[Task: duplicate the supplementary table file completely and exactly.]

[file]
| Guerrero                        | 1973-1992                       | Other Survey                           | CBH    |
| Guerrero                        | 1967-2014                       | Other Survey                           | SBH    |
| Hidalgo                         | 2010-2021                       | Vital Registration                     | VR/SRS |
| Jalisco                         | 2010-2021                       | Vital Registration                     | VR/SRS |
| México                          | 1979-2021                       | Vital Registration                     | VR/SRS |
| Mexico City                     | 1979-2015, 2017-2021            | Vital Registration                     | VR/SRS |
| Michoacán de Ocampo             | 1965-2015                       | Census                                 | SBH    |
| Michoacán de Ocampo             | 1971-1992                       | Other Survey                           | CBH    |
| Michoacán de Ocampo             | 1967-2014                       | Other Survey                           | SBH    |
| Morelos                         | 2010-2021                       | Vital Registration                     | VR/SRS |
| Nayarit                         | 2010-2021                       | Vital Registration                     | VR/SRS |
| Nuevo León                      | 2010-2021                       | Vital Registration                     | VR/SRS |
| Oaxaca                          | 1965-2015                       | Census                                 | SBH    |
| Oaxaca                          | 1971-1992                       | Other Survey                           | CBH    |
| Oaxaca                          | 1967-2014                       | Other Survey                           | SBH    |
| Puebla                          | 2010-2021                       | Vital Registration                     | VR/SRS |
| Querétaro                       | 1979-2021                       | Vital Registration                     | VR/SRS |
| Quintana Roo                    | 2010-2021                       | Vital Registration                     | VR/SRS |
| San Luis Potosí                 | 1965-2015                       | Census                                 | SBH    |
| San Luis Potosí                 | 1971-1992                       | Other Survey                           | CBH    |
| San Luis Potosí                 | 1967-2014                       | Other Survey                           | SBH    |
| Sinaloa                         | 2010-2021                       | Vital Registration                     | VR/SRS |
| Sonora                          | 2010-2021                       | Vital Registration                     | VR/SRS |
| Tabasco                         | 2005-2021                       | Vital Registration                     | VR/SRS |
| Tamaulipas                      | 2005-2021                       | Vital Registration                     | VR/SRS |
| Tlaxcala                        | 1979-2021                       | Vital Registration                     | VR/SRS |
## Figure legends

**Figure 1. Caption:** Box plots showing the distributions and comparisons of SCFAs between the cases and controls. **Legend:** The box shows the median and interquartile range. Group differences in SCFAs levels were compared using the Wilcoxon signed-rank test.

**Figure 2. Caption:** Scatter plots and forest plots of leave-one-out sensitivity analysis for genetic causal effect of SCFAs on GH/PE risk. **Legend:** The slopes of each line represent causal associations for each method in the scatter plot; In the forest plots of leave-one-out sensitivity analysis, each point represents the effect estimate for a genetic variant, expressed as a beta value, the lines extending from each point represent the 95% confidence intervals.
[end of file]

| Guerrero                        | 1973-1992                       | Other Survey                           | CBH    |
| Guerrero                        | 1967-2014                       | Other Survey                           | SBH    |
| Hidalgo                         | 2010-2021                       | Vital Registration                     | VR/SRS |
| Jalisco                         | 2010-2021                       | Vital Registration                     | VR/SRS |
| México                          | 1979-2021                       | Vital Registration                     | VR/SRS |
| Mexico City                     | 1979-2015, 2017-2021            | Vital Registration                     | VR/SRS |
| Michoacán de Ocampo             | 1965-2015                       | Census                                 | SBH    |
| Michoacán de Ocampo             | 1971-1992                       | Other Survey                           | CBH    |
| Michoacán de Ocampo             | 1967-2014                       | Other Survey                           | SBH    |
| Morelos                         | 2010-2021                       | Vital Registration                     | VR/SRS |
| Nayarit                         | 2010-2021                       | Vital Registration                     | VR/SRS |
| Nuevo León                      | 2010-2021                       | Vital Registration                     | VR/SRS |
| Oaxaca                          | 1965-2015                       | Census                                 | SBH    |
| Oaxaca                          | 1971-1992                       | Other Survey                           | CBH    |
| Oaxaca                          | 1967-2014                       | Other Survey                           | SBH    |
| Puebla                          | 2010-2021                       | Vital Registration                     | VR/SRS |
| Querétaro                       | 1979-2021                       | Vital Registration                     | VR/SRS |
| Quintana Roo                    | 2010-2021                       | Vital Registration                     | VR/SRS |
| San Luis Potosí                 | 1965-2015                       | Census                                 | SBH    |
| San Luis Potosí                 | 1971-1992                       | Other Survey                           | CBH    |
| San Luis Potosí                 | 1967-2014                       | Other Survey                           | SBH    |
| Sinaloa                         | 2010-2021                       | Vital Registration                     | VR/SRS |
| Sonora                          | 2010-2021                       | Vital Registration                     | VR/SRS |
| Tabasco                         | 2005-2021                       | Vital Registration                     | VR/SRS |
| Tamaulipas                      | 2005-2021                       | Vital Registration                     | VR/SRS |
| Tlaxcala                        | 1979-2021                       | Vital Registration                     | VR/SRS |
## Figure legends

**Figure 1. Caption:** Box plots showing the distributions and comparisons of SCFAs between the cases and controls. **Legend:** The box shows the median and interquartile range. Group differences in SCFAs levels were compared using the Wilcoxon signed-rank test.

**Figure 2. Caption:** Scatter plots and forest plots of leave-one-out sensitivity analysis for genetic causal effect of SCFAs on GH/PE risk. **Legend:** The slopes of each line represent causal associations for each method in the scatter plot; In the forest plots of leave-one-out sensitivity analysis, each point represents the effect estimate for a genetic variant, expressed as a beta value, the lines extending from each point represent the 95% confidence intervals.